- Follow the guidelines in the article. Briefly summarize the main ideas/arguments you discussed in your essay. Acknowledge that there are some good arguments for the opposite position, but that the arguments for your position are more numerous or more compelling. If you want, highlight one point you find especially important. You can end by connecting everything to a broader context, e. g., «Doing X will help ensure we have a world where Y» or something along those lines.
- Talk about the impact he/she has made on the world, and how it affects/affected other people’s lives.
When you’re ready to end your essay, write a final paragraph that summarizes the main points of your body paragraphs and ties them back to your thesis statement. Keep this paragraph between 5 and 7 sentences long, and end it with an ironic statement, emotional comment, or call to action that illustrates the main theme of the essay. The final paragraph should pack a punch, so avoid bogging it down with new ideas or content.
How to Write a Concluding Paragraph for a Persuasive Essay in College
A persuasive essay, also known as an argumentative essay, is one that requires a student to investigate a topic and argue a viewpoint. College-level persuasive essays generally have three sections that include an introduction in which a thesis or argument is presented, body paragraphs in which arguments and counterarguments are presented, and a conclusion in which the argument is reiterated. The conclusion is an important aspect of a persuasive essay as it is the last impression a writer makes on the reader.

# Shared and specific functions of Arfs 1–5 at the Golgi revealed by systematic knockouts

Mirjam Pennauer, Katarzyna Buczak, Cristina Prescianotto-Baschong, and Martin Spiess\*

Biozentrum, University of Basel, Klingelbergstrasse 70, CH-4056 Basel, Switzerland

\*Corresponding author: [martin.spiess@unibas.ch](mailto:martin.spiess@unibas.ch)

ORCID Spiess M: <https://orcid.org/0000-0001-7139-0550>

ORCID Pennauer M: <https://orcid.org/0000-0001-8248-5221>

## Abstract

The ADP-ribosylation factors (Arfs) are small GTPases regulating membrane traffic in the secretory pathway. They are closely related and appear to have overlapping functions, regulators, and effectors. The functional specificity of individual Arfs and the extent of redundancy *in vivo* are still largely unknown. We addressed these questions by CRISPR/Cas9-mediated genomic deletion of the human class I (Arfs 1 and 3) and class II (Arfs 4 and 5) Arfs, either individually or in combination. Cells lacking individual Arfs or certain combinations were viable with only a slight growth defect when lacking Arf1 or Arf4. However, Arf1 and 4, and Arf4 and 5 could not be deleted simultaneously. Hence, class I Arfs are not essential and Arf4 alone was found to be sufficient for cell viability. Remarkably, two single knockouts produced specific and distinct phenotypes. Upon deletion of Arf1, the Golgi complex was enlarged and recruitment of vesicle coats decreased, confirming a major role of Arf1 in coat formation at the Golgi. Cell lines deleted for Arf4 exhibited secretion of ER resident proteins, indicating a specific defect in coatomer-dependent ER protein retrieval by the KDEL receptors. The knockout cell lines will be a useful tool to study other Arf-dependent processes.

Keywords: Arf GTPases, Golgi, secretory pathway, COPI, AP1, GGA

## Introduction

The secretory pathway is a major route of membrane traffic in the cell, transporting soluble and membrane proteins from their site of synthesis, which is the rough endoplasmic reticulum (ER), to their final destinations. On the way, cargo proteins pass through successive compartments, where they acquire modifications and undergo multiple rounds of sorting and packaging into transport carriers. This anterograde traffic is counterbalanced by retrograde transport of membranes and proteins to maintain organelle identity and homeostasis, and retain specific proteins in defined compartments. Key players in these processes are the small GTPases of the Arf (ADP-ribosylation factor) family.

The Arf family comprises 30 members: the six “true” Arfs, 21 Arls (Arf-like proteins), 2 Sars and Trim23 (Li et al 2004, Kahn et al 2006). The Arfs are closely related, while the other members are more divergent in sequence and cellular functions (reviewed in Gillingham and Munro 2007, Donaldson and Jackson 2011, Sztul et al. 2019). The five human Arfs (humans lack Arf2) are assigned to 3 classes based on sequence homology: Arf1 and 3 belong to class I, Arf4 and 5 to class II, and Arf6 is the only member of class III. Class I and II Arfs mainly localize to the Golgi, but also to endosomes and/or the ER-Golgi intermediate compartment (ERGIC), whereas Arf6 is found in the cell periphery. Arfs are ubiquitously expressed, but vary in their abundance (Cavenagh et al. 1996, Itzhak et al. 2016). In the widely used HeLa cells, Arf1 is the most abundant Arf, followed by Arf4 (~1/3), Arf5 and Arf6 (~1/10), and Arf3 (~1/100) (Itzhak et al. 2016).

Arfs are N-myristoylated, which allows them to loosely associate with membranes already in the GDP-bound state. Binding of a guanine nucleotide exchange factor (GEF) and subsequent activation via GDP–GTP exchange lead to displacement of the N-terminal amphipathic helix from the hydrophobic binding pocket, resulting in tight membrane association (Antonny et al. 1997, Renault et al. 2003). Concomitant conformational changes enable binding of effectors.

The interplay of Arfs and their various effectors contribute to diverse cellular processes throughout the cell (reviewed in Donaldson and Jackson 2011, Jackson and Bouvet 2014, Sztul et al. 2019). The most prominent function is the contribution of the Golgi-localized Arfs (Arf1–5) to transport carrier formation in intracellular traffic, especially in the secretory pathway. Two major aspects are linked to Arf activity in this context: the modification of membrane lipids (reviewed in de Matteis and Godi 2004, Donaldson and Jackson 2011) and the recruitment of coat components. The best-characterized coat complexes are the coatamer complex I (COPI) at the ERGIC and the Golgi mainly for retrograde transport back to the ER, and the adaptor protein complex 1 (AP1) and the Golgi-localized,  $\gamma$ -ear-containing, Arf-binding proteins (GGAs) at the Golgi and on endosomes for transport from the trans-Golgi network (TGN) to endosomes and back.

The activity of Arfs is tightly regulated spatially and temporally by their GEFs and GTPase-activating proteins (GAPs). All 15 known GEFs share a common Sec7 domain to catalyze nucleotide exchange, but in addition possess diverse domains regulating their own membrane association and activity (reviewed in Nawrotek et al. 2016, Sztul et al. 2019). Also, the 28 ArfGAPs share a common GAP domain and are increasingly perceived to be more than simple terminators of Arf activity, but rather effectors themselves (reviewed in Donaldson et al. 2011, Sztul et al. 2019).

What to Include
The conclusion should include a brief overview of what was argued and what evidence was presented without including too many specifics from the body paragraphs. The thesis statement from the first paragraph should be restated, but reworded, and reflect the significance or importance of what was argued. A conclusion in an academic essay typically only needs to be one well-developed paragraph of at least five sentences.
No new evidence or arguments should be presented in the conclusion paragraph. However, a writer may choose to give his argument new meaning by showing how his ideas and research work together. He can do this by asking questions in the conclusion. For example, if he argued in support of nationalized health care he could ask questions that bring the premise and argument together, by reminding the readers of the evidence presented: Isn’t it clear that healthcare is a problem in our country? Should we wait any longer to deal with the escalating costs and lack of access?
Challenge the Reader
College students write persuasive essays in many different types of classes, and their conclusion should reflect the subject matter. For example, if a student writes a political science paper trying to persuade his reader that tougher gun laws are important, he can ask the reader to sign a petition or join a support group. In a science or social science class, where further investigation is often warranted, the student can challenge his reader to study the topic further by suggesting additional reading or research materials.
Another way to end a persuasive research paper is by asking the reader to look to the future, either real or imagined. For example, a persuasive paper may argue that schools need to do more about bullying. The writer could create a mental picture of a school where all students are treated with respect and appreciated for their differences. This would leave the reader with a lasting impression of what a school without bullies could look like, persuading the reader to agree with the essay’s main arguments.